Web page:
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Grand Canyon
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In Learn More the National Geographic magazine team shares some of its best sources and other information to expand your knowledge of our featured subjects. Special thanks to the Research Division.

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Did You Know?Did You Know?

The red-rock beauty of the Grand Canyon lures millions of visitors to its depths. But each year a dozen or so people don't make it back from the canyon alive.
Lightning strikes, flash floods, and helicopter crashes cause some of these fatalities. But the majority of deaths, says Grand Canyon Emergency Services Chief Ken Phillips, come when hikers of all ages do too much, too fast. With summer temperatures soaring at 120 degrees in the bottom of the canyon, heat exhaustion can overwhelm hikers. Add in the toughest part of the hike—going back up—and you could face disaster.
 "In the peak of the summer, your body heats up, which can lead to heat stroke and then ultimately cardiac arrest," says Phillips. "The majority of the deaths in the canyon are cardiac-arrest related."
Phillips and his team rescue more than 250 people from the canyon each year. To make sure your visit is a good one, the National Park Service encourages visitors to follow "smart hiking tips." Pack plenty of water and salty food. Do not attempt to hike from the canyon rim down to the Colorado River and back in just one day. Rest often and stay alert: Accidental falls in the canyon took two lives in 2004. Stay cool: Wrap a wet bandana around your neck and avoid hiking in the heat of the day. And if you raft through the river rapids, wear proper gear and follow your guide's instructions.

—Christy Ullrich

Related Links

Havasupai Tribe
The Havasupai Indian Tribe lives in the Grand Canyon and grants visitors permits to its village in Supai. Explore the history of the tribe.
National Park Service in the Grand Canyon
The National Park Service gives a history of the Grand Canyon's peoples, flora, and fauna. Find out helpful hiking tips.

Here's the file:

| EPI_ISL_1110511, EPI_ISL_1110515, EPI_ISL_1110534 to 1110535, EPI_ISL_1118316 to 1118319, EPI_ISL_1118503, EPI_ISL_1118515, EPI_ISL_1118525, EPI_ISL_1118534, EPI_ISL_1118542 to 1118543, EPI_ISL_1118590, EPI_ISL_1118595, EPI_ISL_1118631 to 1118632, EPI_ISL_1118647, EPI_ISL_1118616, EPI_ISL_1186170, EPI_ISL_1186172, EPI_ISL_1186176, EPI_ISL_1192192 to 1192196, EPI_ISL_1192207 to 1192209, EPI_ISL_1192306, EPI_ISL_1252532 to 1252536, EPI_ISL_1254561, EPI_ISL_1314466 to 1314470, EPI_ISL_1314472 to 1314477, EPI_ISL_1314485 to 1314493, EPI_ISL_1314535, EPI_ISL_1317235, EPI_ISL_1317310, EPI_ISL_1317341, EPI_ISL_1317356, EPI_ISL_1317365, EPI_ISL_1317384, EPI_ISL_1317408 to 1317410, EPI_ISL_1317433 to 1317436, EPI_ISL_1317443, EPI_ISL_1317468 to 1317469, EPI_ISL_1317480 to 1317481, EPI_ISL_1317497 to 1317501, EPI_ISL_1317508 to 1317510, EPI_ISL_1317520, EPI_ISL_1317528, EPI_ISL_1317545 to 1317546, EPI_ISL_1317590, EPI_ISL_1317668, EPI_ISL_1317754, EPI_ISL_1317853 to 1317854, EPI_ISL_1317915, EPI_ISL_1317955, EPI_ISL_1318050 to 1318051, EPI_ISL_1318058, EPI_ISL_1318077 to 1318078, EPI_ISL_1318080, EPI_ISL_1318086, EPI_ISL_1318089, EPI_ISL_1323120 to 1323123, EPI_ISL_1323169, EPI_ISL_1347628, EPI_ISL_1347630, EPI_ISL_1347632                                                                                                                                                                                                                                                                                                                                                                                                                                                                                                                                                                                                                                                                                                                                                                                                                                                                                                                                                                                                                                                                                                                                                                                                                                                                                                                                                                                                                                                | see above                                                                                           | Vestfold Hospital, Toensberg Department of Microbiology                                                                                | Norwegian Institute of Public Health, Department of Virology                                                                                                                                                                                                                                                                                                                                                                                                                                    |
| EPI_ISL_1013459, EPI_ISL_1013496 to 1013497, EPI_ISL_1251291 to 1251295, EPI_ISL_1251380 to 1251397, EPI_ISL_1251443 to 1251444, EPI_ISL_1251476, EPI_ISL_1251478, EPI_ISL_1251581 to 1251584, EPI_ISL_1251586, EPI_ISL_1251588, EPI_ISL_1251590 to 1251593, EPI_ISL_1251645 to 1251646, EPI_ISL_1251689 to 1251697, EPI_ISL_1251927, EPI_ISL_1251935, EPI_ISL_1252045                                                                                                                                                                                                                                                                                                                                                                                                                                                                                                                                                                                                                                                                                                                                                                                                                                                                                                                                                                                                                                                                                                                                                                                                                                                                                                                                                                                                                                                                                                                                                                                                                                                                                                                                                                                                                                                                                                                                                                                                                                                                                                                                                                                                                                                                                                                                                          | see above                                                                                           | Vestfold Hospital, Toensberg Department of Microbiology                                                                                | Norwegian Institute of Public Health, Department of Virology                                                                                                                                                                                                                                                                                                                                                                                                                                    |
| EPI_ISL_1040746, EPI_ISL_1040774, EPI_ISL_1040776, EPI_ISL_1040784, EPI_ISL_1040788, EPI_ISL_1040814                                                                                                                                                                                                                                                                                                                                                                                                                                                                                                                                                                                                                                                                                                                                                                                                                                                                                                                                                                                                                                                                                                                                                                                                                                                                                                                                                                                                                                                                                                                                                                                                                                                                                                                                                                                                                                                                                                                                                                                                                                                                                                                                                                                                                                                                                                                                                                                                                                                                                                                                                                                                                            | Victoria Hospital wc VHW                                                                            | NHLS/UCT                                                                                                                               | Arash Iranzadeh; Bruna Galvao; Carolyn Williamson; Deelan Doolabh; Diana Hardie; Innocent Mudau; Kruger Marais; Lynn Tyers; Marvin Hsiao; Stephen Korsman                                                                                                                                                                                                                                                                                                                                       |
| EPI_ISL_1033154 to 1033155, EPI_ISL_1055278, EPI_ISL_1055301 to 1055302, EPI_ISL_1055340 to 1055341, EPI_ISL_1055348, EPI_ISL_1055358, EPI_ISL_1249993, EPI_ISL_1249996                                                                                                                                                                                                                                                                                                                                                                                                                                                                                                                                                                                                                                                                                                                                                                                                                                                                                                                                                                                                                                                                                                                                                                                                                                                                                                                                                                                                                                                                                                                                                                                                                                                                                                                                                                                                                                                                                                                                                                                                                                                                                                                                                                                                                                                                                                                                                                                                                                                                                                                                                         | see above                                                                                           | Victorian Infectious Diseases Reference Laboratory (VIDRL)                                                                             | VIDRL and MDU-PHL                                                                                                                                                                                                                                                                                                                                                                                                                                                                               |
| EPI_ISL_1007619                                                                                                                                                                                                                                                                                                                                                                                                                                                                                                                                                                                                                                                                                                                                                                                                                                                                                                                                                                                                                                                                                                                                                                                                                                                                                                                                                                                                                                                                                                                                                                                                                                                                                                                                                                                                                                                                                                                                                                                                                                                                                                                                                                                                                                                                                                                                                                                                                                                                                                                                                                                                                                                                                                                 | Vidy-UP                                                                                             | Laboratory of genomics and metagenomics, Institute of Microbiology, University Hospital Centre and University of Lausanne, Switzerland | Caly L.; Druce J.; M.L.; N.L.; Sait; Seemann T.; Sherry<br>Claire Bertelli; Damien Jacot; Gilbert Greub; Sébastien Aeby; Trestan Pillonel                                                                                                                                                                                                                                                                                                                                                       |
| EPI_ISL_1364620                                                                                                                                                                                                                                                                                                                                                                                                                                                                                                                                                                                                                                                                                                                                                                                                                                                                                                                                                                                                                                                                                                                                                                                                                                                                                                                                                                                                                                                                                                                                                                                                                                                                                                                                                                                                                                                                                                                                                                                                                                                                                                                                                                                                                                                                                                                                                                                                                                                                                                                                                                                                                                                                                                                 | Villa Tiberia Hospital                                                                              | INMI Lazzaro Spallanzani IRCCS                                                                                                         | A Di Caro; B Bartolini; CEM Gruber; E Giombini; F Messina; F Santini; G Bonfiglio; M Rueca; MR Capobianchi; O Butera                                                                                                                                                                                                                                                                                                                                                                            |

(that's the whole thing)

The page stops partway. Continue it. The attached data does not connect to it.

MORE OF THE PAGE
Grand Canyon
Includes information for planning a trip to Grand Canyon National Park.
Grand Canyon Treks
Discover the trails of the Grand Canyon.
Smart Hiking Tips From the National Park Service
The National Park Service provides smart hiking tips for Grand Canyon visitors.

Grand Canyon Hikes
This site tells you everything you need to know about reserving the ideal hike for you. Take a virtual tour, view a live webcam, and get a look at Dave Hogan and Shayne Hall, author Virginia Morell's "excellent guides."


Coder, Christopher. An Introduction to Grand Canyon Prehistory. Grand Canyon Association, 2000.
Courlander, Harold. The Fourth World of the Hopis. University of New Mexico Press, 1987.
Iliff, Flora Greg. People of the Blue Water: A Record of Life Among the Walapai and Havasupai Indians. University of Arizona Press, 1985.
Morehouse, Barbara. A Place Called Grand Canyon. University of Arizona Press, 1996.
Powell, John Wesley. The Exploration of the Colorado River and Its Canyons. Penguin Books, 1987.
Pyne, Stephen. How the Canyon Became Grand. Penguin Books, 1999.
Smith, Julian. "The Grander Canyon." Washington Post, September 12, 2004.

NGS Resources

Annerino, John. "The Grand Canyon Explored." National Geographic Adventure (March 2004), 66-8.
"Mission: Grand Canyon." National Geographic Adventure (March 2004), 58-68, 71-4.
Schmidt, Jeremy. Grand Canyon National Park Road Guide: The Essential Guide for Motorists. National Geographic Books, 2004. 
Rennicke, Jeff. "The Mother of All White Water." National Geographic Adventure (October 2003), 66, 68.
Garrett, Wilbur E. "Grand Canyon." National Geographic (July 1978) 2-15.

Kolb, Ellsworth. "Experiences in the Grand Canyon." National Geographic (August 1914) 99-184.
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